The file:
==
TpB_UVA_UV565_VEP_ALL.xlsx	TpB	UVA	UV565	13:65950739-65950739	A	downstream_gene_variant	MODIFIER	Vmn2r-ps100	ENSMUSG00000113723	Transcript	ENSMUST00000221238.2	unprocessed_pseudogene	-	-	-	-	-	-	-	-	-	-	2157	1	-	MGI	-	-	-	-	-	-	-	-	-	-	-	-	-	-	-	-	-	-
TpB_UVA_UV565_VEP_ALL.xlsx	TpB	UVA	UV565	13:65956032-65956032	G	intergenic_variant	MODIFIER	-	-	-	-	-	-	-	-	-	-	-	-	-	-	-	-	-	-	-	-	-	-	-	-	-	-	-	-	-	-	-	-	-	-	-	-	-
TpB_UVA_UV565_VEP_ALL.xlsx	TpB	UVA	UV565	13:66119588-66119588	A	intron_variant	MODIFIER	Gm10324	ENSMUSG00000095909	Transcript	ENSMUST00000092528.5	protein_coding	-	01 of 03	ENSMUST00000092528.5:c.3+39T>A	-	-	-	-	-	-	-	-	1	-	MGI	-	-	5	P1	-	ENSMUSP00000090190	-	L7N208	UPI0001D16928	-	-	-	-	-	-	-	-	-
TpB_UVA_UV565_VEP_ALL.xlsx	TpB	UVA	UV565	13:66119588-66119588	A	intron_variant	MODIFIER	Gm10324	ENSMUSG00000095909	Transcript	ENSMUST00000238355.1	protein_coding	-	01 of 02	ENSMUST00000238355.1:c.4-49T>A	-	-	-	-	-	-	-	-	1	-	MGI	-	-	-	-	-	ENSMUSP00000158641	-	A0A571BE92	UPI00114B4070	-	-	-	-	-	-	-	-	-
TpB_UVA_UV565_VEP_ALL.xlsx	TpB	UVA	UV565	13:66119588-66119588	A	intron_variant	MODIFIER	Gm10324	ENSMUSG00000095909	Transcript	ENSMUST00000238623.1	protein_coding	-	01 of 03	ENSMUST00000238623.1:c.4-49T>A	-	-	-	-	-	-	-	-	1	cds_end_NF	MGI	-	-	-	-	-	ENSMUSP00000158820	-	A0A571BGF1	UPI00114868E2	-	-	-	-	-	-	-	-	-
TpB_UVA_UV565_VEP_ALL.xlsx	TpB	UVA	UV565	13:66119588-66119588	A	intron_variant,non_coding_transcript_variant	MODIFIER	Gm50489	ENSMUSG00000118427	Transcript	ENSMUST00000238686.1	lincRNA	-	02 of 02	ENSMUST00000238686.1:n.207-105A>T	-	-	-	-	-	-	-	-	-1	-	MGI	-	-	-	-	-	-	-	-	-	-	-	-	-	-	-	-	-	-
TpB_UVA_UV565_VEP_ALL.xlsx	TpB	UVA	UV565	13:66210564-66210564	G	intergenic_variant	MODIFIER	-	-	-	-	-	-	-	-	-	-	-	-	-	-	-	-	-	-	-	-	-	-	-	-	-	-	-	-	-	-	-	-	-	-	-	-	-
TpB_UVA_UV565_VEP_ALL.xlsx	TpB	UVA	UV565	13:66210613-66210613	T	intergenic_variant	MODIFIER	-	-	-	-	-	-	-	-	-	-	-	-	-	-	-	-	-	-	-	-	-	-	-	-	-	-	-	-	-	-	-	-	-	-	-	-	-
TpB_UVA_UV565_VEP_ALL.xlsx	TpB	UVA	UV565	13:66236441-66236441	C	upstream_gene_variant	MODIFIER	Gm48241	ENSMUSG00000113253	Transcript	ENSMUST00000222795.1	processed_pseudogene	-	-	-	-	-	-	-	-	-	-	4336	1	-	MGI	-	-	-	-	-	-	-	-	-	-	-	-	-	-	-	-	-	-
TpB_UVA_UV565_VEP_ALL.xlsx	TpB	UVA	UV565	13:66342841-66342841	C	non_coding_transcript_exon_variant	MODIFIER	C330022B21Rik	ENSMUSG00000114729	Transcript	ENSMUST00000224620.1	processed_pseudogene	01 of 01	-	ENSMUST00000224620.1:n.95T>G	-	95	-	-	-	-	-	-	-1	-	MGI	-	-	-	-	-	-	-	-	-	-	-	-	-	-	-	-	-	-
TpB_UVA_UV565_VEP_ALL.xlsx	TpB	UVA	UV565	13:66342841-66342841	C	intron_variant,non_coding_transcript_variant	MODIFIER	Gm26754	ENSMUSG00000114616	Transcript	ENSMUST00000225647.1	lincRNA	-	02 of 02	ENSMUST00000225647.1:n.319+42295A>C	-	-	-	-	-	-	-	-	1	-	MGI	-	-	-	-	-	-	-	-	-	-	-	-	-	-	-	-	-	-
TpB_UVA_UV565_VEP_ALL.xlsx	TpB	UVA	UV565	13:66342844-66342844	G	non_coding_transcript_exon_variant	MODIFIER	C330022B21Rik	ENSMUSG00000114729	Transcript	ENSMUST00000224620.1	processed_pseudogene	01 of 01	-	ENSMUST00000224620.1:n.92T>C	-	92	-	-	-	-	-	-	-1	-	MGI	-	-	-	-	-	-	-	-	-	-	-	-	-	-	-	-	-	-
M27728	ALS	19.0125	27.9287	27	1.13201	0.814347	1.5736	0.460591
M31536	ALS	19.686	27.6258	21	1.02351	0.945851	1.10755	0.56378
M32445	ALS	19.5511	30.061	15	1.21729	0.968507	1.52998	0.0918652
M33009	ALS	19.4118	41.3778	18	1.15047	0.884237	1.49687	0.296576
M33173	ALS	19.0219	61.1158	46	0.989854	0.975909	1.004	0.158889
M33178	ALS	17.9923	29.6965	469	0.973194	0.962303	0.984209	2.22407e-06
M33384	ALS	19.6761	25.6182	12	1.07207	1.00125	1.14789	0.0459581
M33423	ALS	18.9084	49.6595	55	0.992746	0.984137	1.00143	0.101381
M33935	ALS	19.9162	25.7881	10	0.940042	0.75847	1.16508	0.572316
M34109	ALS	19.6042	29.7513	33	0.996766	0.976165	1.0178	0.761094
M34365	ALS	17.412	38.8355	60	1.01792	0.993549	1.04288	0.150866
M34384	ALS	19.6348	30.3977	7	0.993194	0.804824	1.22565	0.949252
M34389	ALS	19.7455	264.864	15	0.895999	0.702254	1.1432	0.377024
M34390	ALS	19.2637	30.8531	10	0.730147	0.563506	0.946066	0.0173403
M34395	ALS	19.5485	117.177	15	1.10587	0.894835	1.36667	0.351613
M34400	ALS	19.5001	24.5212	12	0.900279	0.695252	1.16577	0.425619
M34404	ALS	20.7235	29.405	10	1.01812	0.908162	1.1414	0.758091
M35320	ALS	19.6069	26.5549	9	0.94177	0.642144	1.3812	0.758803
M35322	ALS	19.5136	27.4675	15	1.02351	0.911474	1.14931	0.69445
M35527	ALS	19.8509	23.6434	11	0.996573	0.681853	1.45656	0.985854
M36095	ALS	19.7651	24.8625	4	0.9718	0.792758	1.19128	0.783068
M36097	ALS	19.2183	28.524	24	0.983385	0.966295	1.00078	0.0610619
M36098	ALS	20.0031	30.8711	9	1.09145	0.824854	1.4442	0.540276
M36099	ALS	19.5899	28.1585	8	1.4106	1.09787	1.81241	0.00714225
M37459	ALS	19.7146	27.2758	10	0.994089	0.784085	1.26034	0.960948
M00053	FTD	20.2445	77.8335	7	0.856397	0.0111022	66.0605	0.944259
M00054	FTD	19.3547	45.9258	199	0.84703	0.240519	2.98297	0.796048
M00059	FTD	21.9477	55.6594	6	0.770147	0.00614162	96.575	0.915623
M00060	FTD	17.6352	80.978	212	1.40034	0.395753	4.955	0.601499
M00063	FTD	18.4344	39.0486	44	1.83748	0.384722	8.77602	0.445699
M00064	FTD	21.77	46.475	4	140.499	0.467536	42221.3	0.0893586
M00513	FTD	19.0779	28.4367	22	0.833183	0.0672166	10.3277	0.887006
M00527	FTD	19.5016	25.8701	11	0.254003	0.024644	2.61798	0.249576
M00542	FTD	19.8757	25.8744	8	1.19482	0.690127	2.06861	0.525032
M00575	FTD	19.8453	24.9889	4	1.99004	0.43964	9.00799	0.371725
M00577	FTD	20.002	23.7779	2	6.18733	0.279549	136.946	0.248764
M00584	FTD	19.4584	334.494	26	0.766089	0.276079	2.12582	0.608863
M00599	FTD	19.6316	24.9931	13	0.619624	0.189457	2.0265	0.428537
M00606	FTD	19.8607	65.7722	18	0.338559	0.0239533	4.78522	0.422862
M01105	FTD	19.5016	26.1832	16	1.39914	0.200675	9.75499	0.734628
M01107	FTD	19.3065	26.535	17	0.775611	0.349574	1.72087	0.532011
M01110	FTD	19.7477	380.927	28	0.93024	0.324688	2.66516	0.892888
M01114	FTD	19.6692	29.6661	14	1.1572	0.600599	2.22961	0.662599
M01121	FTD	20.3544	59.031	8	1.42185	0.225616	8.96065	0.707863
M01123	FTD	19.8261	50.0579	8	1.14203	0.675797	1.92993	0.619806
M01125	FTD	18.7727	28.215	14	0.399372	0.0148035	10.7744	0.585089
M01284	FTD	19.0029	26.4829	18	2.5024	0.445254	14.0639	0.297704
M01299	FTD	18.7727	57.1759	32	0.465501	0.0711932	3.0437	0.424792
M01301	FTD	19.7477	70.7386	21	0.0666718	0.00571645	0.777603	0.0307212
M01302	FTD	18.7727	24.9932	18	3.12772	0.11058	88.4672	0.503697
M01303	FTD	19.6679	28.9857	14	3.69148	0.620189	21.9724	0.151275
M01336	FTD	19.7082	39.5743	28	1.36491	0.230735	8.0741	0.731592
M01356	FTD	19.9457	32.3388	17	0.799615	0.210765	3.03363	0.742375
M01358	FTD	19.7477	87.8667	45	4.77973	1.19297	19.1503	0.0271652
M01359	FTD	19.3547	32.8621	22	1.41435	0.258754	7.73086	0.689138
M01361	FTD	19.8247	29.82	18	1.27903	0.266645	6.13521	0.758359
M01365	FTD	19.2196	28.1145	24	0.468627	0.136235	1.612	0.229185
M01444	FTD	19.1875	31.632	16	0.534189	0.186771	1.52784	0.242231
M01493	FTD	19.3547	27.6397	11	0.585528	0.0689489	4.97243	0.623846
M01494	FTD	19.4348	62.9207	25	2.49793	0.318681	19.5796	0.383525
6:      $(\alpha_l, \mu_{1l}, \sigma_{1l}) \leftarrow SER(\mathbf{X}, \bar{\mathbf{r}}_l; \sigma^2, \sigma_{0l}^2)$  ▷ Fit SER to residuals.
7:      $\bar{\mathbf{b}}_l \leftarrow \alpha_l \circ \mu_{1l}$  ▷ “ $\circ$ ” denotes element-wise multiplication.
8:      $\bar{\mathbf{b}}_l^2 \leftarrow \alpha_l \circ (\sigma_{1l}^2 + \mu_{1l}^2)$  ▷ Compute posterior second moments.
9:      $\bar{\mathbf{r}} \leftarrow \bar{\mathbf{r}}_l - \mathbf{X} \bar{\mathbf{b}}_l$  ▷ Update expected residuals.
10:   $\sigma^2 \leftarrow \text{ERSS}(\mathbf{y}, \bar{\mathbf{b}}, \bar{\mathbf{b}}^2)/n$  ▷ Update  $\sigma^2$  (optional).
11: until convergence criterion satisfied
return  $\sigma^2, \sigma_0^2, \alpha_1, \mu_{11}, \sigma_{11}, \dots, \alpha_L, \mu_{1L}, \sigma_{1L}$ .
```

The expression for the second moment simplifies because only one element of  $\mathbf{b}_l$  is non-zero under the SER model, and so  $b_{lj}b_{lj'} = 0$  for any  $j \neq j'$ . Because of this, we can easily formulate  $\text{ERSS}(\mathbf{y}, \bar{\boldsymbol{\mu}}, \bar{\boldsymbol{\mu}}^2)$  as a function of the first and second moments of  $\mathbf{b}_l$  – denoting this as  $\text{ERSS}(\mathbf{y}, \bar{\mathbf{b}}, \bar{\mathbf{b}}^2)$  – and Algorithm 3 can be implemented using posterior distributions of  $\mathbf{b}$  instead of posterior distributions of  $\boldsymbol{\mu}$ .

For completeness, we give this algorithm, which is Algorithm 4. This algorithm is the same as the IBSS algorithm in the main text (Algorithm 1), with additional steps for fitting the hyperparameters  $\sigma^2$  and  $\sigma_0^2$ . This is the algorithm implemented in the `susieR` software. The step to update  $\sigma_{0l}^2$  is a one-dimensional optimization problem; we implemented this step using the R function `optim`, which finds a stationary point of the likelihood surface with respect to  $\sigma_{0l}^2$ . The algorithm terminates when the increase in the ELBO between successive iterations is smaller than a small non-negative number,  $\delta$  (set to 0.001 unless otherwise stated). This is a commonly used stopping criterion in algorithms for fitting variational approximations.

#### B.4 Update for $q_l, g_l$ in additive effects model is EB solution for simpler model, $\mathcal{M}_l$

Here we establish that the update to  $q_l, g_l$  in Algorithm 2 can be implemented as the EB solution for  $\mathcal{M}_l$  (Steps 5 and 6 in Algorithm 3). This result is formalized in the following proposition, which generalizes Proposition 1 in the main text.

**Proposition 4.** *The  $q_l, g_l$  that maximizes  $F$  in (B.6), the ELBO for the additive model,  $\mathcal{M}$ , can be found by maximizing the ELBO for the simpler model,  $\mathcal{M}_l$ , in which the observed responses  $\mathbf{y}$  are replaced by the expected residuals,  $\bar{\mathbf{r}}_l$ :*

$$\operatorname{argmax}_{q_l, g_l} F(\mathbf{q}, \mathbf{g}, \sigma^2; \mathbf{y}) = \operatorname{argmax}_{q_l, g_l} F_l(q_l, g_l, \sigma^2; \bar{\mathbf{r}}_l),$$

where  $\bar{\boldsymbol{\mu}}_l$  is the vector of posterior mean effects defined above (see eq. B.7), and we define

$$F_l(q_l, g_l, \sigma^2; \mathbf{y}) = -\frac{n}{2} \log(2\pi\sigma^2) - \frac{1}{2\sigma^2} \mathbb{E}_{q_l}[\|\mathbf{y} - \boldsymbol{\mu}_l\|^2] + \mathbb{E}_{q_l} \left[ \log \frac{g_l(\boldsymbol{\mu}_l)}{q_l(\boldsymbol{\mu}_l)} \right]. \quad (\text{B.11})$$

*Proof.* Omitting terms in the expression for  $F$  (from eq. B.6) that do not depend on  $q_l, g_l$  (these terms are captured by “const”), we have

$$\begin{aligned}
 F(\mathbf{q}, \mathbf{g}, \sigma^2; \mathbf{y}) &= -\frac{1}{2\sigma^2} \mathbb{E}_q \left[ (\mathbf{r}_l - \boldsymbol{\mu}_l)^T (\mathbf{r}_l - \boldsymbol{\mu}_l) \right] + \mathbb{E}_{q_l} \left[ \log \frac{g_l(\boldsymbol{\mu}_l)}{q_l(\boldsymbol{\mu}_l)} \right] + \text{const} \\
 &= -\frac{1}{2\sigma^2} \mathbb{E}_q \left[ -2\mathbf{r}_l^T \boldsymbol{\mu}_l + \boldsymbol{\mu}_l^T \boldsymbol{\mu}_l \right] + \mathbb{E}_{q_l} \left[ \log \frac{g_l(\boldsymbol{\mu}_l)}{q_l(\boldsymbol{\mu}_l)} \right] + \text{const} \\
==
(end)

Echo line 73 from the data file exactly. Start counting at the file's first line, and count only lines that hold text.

6:      $(\alpha_l, \mu_{1l}, \sigma_{1l}) \leftarrow SER(\mathbf{X}, \bar{\mathbf{r}}_l; \sigma^2, \sigma_{0l}^2)$  ▷ Fit SER to residuals.